An innocuous disturbance leads to a series of grotesque calamities in a Belgian town.
The innocuous disturbance is the sound of a wind farm's turbines, which prevents the town butcher from sleeping at night. That's it. That's the impetus for a story that leads to charges of indecent exposure, assault, murder, animal poisoning, attempted rape, and several graphically described bouts of diarrhea. The sleep-deprived butcher is the means by which the book proceeds along its escalating course of outrages. Along the way the novel takes care to detail the surliest, most suspicious, sadistic, or racist thoughts of the inhabitants. It's not that these are people whose flaws inadvertently draw them to disaster. Many of them are awful to begin with, and even the marginally sympathetic, or at least unobjectionable ones, are held at such a distance that no emotion is expended on them. This is the type of book that, as soon as a dog is introduced, you wait for it to be horribly killed. The narrative concern is not so much with, say, a person being killed as it is with the person's head exploding in blood and bone matter.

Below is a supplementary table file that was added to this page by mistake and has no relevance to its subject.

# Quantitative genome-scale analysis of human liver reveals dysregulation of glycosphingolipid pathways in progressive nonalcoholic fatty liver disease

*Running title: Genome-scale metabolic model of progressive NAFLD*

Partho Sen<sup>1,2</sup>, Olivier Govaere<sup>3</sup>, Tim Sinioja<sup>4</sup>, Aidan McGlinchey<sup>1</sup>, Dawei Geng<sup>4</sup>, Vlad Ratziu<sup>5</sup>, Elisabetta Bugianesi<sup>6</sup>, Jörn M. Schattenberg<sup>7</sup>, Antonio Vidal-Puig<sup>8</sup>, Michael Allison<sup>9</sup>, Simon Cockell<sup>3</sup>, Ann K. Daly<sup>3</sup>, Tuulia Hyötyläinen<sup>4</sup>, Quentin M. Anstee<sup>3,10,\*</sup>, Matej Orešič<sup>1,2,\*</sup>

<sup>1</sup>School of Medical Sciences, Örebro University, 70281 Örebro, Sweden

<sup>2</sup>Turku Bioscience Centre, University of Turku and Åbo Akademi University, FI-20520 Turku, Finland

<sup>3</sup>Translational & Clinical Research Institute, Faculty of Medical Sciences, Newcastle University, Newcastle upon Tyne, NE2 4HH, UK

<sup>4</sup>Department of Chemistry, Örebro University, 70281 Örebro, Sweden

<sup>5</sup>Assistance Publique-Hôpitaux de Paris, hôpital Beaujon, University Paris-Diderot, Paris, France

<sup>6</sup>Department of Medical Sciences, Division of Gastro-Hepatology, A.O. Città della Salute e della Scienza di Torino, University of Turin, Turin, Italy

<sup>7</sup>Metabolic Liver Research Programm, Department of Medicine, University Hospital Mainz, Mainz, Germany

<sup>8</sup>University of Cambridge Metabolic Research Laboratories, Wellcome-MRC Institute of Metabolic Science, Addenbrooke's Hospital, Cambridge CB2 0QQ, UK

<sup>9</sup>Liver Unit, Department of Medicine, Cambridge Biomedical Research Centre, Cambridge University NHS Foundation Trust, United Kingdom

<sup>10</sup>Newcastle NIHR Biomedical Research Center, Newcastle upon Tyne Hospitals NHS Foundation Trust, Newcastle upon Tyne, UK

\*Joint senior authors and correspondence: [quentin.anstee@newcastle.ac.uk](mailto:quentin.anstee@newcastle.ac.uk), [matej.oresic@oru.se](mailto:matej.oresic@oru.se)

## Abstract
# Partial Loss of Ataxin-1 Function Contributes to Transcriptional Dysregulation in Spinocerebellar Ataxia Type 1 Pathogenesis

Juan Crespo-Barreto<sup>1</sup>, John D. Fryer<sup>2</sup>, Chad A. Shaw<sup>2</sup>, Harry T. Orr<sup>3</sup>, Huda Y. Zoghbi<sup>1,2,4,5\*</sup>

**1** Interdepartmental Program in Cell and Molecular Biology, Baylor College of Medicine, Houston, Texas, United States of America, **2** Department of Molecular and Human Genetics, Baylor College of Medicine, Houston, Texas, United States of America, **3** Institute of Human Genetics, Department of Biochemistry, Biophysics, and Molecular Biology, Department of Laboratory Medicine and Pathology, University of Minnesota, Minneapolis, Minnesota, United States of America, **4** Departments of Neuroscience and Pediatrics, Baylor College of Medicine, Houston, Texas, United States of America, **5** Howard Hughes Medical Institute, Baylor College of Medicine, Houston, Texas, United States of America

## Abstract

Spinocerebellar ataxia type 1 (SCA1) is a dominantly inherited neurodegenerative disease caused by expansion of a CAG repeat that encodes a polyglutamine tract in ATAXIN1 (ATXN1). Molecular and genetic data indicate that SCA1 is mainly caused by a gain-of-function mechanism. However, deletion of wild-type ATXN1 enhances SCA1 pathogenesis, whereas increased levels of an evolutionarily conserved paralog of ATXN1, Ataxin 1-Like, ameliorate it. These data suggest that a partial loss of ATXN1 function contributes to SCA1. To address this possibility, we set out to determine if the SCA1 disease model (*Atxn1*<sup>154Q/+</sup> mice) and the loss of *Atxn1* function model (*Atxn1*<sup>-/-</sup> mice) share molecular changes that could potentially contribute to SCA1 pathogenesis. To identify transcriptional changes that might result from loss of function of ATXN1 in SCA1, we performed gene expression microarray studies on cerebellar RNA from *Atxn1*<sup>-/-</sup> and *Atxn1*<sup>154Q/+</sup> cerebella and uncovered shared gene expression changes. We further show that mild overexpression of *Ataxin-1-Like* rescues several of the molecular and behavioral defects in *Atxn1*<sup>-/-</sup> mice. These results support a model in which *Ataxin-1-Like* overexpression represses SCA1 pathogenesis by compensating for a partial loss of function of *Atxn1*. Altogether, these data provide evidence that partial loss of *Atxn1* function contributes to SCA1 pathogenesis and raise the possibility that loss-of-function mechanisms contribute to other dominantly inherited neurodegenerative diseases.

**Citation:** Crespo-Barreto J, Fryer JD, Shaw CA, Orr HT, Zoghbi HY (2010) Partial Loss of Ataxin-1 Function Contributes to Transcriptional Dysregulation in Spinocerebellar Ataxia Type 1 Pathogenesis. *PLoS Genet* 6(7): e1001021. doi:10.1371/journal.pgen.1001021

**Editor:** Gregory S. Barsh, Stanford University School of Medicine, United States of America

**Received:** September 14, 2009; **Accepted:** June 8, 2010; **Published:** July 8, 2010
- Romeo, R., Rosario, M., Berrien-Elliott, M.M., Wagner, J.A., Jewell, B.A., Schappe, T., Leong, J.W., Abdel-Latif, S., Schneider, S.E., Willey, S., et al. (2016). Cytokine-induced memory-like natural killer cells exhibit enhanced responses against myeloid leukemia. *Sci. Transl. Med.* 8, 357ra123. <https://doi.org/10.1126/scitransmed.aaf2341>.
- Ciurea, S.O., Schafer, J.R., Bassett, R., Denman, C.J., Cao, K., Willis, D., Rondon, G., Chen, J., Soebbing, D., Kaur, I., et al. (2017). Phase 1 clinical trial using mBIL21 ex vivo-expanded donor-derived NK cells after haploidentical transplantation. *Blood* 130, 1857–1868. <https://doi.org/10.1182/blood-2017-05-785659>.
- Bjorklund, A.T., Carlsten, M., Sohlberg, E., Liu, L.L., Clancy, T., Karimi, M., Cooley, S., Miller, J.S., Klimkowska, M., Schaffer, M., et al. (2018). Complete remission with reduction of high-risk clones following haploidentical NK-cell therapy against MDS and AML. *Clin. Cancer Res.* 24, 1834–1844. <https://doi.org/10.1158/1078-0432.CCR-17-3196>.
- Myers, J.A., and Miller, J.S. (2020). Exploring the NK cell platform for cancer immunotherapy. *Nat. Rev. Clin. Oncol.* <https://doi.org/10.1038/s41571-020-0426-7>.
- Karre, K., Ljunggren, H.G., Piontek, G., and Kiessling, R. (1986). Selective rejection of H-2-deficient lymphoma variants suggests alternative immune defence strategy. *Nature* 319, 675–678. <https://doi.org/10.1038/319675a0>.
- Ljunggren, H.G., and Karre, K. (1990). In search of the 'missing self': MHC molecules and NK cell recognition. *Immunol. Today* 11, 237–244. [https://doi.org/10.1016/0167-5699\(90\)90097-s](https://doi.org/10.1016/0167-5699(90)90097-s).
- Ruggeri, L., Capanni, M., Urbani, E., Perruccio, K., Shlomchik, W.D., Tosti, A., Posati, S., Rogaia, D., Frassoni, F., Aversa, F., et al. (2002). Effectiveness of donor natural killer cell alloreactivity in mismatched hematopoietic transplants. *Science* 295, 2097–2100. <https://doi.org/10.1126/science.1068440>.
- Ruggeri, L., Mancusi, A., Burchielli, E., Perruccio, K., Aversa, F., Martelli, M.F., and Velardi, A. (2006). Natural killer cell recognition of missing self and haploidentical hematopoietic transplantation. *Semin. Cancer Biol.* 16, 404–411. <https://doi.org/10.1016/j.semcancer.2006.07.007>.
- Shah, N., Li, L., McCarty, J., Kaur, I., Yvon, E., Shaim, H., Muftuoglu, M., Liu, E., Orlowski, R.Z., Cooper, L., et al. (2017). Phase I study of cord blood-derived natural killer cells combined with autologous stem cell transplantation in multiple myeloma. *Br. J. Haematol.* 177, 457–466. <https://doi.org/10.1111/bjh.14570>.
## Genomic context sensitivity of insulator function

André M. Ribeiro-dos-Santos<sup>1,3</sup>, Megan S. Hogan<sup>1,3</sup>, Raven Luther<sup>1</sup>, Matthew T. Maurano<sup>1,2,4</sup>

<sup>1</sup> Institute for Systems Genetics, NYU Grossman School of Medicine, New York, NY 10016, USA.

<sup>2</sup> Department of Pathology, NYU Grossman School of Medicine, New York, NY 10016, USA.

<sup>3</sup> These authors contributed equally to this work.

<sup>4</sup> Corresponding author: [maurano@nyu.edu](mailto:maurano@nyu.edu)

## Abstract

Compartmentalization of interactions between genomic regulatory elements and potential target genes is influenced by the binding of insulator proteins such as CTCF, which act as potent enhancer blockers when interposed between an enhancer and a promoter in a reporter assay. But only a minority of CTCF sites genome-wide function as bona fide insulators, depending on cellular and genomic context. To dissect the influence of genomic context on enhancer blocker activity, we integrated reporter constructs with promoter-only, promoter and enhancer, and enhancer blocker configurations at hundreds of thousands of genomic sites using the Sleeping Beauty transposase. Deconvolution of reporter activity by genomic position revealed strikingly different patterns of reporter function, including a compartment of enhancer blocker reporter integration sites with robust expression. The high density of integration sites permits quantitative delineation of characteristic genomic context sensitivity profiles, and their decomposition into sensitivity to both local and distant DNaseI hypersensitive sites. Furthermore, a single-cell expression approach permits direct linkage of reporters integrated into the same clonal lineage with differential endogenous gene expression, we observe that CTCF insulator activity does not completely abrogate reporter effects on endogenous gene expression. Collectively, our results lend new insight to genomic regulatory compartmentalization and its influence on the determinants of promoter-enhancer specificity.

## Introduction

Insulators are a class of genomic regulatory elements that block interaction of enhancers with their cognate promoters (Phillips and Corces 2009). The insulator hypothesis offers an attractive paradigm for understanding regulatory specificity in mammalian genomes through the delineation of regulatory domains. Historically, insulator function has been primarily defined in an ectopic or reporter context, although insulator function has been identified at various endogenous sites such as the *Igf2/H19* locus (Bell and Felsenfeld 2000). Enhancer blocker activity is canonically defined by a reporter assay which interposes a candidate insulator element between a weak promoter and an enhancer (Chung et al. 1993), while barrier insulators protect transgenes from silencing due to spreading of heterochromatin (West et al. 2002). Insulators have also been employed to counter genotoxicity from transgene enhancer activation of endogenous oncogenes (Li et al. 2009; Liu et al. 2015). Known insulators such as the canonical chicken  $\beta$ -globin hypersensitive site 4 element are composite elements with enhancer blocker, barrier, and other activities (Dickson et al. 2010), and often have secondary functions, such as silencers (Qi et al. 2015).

The tension the book produces is not so much what's going to happen as how much you are going to have to go through before reaching the end.